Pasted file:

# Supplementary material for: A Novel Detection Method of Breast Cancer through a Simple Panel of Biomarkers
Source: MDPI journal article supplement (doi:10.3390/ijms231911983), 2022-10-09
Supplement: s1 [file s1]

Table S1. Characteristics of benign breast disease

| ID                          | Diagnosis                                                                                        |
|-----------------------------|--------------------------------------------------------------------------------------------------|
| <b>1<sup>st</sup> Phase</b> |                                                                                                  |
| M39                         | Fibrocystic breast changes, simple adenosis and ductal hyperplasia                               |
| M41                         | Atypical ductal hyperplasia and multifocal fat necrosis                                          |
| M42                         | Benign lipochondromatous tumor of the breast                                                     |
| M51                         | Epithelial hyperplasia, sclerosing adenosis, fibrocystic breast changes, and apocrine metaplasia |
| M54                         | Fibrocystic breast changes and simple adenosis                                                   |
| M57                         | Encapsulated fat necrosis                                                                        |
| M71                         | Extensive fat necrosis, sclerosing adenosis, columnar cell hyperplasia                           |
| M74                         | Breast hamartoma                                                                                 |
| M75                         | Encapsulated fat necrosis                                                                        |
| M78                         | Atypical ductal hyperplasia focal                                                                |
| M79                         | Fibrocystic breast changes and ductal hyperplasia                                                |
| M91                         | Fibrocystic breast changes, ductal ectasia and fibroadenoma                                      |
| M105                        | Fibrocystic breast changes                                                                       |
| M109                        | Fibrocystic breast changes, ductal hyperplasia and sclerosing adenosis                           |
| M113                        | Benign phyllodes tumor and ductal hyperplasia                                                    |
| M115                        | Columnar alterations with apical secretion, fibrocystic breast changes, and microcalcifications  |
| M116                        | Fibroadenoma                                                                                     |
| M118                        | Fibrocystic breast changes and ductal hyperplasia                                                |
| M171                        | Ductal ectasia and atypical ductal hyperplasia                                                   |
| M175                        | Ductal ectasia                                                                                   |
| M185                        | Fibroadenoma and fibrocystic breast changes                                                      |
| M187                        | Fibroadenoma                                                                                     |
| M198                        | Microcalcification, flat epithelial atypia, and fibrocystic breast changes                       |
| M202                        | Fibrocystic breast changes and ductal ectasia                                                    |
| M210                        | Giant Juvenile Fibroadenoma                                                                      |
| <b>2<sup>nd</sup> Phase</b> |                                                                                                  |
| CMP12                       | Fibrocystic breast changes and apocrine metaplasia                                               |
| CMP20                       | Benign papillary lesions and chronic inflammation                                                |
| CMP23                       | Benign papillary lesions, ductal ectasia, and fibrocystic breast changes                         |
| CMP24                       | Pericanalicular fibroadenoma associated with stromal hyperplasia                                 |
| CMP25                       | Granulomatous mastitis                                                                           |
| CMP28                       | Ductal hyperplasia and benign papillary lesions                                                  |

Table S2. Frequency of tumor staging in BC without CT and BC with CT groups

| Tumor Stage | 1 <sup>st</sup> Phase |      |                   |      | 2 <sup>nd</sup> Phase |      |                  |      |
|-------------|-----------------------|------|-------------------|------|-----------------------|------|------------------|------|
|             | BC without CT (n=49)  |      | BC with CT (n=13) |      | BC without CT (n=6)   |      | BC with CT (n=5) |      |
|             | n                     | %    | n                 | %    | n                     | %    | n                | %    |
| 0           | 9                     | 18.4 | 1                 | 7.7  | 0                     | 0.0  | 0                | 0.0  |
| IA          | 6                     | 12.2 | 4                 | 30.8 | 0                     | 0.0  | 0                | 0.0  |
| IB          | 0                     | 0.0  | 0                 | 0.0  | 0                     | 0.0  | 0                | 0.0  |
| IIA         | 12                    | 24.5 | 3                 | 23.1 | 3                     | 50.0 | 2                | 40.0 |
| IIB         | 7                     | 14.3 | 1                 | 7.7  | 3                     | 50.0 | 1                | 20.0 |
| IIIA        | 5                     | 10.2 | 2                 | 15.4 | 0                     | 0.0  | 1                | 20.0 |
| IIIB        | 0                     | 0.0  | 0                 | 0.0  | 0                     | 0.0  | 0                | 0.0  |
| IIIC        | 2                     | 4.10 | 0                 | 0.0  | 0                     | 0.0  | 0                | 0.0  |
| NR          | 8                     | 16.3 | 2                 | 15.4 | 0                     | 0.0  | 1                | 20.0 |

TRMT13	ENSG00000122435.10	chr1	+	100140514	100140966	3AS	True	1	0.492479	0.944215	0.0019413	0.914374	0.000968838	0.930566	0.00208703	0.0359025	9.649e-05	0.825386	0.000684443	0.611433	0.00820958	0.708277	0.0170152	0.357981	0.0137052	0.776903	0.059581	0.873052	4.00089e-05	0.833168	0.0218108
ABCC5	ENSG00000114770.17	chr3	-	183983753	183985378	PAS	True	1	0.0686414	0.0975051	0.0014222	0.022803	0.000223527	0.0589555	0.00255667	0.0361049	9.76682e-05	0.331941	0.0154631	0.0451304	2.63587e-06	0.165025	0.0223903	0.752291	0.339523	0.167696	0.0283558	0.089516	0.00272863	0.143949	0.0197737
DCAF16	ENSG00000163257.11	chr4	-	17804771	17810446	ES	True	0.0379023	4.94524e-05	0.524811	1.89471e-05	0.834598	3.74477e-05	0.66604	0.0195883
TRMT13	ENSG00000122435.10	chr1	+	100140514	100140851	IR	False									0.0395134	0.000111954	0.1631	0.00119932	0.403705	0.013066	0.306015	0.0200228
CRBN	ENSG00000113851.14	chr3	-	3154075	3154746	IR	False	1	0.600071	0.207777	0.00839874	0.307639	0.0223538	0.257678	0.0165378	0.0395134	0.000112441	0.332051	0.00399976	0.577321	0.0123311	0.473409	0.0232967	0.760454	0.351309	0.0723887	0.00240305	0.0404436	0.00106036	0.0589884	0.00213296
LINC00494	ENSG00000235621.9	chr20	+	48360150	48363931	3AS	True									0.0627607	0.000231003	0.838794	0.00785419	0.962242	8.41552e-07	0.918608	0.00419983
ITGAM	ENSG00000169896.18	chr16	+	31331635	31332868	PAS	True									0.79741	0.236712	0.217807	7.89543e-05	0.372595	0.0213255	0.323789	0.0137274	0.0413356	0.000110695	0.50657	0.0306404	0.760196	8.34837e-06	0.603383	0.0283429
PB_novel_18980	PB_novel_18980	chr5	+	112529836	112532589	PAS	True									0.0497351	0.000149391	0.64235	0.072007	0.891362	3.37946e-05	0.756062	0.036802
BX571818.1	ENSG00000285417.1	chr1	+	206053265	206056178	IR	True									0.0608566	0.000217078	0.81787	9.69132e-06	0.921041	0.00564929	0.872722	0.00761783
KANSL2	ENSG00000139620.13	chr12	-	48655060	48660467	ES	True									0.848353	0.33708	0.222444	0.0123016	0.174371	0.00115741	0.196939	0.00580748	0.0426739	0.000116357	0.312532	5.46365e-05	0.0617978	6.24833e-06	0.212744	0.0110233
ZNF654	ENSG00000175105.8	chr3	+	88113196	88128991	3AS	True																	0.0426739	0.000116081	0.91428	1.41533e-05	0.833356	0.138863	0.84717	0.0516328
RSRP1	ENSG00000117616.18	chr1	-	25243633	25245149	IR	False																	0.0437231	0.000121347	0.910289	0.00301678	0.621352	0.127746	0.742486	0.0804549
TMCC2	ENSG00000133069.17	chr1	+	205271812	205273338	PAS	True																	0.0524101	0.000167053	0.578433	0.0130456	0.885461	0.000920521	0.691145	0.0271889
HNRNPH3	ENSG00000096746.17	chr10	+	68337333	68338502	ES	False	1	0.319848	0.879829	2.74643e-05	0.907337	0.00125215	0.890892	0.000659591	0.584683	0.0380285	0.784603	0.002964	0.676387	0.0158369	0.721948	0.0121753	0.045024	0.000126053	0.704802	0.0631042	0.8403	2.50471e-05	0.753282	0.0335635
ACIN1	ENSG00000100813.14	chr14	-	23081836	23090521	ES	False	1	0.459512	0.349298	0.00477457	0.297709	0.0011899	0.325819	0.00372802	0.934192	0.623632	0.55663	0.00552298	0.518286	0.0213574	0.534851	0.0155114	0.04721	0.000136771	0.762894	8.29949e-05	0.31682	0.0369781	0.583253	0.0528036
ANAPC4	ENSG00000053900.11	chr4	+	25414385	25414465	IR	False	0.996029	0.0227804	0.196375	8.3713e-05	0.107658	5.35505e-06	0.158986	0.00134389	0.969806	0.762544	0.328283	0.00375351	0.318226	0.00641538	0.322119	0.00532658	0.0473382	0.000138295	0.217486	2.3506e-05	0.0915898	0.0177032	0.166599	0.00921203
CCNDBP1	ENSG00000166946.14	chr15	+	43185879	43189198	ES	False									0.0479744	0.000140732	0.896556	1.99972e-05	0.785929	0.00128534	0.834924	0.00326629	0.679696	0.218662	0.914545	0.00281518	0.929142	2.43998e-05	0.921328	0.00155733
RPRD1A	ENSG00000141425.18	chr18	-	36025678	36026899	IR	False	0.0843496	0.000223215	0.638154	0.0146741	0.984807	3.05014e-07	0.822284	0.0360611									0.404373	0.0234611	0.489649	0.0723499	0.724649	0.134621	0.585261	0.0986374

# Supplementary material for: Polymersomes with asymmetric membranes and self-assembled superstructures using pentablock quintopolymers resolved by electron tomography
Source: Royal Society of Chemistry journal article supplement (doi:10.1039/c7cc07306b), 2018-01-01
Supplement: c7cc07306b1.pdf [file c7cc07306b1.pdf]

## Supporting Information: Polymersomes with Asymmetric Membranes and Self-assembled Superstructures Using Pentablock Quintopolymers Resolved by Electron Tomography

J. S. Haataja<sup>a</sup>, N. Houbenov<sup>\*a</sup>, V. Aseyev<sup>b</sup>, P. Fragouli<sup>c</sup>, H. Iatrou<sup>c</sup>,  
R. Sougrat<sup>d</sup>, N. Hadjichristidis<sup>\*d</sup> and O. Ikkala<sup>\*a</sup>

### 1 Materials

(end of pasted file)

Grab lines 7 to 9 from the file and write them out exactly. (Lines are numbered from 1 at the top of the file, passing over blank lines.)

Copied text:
| <b>1<sup>st</sup> Phase</b> |                                                                                                  |
| M39                         | Fibrocystic breast changes, simple adenosis and ductal hyperplasia                               |
| M41                         | Atypical ductal hyperplasia and multifocal fat necrosis                                          |